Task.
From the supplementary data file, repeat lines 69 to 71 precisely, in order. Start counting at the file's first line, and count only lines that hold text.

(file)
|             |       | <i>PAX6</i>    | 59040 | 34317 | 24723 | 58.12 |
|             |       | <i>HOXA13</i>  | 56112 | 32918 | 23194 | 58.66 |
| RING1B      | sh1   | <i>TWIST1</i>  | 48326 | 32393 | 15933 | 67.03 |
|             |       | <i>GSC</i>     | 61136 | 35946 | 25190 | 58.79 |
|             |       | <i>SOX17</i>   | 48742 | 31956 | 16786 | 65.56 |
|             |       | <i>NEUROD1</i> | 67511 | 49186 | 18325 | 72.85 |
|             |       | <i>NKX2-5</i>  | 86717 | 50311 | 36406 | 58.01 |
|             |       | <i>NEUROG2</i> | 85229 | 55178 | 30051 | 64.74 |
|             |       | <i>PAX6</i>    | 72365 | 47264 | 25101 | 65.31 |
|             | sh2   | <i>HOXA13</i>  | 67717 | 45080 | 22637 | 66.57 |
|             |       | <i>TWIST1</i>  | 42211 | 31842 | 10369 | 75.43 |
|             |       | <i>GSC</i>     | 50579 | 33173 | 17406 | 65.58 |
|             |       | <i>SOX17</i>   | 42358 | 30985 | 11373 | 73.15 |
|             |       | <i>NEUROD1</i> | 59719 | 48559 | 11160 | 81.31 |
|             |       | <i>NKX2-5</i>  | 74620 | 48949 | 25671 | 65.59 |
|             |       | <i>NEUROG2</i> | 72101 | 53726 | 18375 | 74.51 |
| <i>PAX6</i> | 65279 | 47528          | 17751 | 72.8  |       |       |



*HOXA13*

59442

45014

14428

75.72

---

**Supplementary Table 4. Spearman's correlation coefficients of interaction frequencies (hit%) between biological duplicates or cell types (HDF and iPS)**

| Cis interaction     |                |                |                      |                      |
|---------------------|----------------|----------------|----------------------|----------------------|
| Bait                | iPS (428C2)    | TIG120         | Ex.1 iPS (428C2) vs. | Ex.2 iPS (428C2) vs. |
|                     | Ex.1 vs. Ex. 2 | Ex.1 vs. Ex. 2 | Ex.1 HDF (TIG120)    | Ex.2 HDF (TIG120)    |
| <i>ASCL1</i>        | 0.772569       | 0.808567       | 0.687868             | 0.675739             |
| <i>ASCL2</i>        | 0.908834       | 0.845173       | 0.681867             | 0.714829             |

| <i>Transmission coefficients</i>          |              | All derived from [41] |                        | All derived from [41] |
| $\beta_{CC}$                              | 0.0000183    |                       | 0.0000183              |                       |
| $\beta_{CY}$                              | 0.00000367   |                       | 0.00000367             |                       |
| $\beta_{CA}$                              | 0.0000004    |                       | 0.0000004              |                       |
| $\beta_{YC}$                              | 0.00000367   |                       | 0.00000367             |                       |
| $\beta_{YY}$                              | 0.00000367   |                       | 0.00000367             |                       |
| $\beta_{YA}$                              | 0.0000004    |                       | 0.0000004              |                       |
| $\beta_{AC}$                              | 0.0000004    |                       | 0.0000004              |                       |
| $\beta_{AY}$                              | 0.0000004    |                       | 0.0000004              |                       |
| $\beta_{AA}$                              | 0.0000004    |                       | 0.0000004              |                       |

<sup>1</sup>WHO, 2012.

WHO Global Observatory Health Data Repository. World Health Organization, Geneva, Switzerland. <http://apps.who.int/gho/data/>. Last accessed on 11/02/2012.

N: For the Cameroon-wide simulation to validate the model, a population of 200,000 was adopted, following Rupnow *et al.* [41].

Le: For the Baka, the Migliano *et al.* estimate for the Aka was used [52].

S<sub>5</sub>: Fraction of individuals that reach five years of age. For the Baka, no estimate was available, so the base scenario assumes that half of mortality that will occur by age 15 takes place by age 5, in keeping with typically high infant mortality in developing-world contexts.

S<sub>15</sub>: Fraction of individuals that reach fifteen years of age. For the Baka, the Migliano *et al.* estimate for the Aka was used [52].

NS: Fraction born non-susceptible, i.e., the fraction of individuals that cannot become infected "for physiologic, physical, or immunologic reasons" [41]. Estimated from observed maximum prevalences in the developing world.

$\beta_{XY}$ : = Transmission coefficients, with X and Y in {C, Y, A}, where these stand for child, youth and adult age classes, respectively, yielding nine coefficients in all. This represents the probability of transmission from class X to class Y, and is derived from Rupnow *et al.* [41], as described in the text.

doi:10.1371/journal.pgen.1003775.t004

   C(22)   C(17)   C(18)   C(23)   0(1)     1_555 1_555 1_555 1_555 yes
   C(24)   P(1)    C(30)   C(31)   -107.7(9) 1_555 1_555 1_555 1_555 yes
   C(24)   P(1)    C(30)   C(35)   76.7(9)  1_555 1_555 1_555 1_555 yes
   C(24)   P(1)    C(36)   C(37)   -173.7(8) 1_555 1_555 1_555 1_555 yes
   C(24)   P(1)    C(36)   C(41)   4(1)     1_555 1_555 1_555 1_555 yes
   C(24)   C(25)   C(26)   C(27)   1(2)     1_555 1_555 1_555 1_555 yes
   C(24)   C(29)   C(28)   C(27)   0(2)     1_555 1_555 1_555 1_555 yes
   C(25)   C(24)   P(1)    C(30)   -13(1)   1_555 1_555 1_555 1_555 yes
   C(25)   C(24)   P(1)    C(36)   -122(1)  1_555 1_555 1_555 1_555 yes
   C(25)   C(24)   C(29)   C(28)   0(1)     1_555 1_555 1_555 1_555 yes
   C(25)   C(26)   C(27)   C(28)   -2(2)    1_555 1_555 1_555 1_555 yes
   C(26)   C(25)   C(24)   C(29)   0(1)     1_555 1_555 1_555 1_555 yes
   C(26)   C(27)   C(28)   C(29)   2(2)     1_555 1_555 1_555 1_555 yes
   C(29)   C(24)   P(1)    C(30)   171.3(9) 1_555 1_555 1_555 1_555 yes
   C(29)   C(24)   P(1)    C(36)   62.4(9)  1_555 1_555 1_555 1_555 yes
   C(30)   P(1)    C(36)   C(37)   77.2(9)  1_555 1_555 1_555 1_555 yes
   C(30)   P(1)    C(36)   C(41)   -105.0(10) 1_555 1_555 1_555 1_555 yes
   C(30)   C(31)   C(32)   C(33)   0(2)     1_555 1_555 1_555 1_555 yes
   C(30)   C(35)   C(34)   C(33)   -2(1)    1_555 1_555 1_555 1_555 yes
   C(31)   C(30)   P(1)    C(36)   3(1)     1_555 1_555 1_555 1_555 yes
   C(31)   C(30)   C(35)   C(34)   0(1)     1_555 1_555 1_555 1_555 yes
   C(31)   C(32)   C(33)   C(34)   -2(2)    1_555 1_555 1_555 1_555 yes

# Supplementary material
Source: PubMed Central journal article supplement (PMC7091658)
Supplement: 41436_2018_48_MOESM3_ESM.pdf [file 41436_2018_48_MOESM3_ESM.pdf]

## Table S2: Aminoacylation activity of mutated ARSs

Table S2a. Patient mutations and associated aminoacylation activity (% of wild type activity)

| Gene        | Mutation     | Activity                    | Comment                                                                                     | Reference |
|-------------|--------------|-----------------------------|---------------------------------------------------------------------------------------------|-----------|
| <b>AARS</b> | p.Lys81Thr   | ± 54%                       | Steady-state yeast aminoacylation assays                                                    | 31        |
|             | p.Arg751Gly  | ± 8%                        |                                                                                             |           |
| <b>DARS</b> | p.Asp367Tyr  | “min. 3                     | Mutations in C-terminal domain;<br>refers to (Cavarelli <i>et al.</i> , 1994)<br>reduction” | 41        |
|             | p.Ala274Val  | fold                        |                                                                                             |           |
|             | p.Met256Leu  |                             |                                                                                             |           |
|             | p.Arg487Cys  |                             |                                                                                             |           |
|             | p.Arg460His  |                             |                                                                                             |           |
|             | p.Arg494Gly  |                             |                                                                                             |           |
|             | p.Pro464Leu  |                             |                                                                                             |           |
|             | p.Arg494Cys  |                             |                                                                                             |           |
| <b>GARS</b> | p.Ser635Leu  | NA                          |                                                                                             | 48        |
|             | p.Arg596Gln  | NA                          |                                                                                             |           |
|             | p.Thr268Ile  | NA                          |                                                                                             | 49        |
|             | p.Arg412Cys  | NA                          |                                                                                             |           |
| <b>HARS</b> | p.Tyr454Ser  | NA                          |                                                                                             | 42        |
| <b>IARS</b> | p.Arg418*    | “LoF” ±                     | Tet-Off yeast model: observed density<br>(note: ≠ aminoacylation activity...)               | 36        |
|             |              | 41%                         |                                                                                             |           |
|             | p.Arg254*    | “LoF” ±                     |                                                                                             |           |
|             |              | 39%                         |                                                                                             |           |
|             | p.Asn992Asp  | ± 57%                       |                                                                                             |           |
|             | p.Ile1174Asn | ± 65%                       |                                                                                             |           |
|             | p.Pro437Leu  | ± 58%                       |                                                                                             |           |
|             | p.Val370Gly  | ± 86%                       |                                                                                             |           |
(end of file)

   C(31)   C(30)   P(1)    C(36)   3(1)     1_555 1_555 1_555 1_555 yes
   C(31)   C(30)   C(35)   C(34)   0(1)     1_555 1_555 1_555 1_555 yes
   C(31)   C(32)   C(33)   C(34)   -2(2)    1_555 1_555 1_555 1_555 yes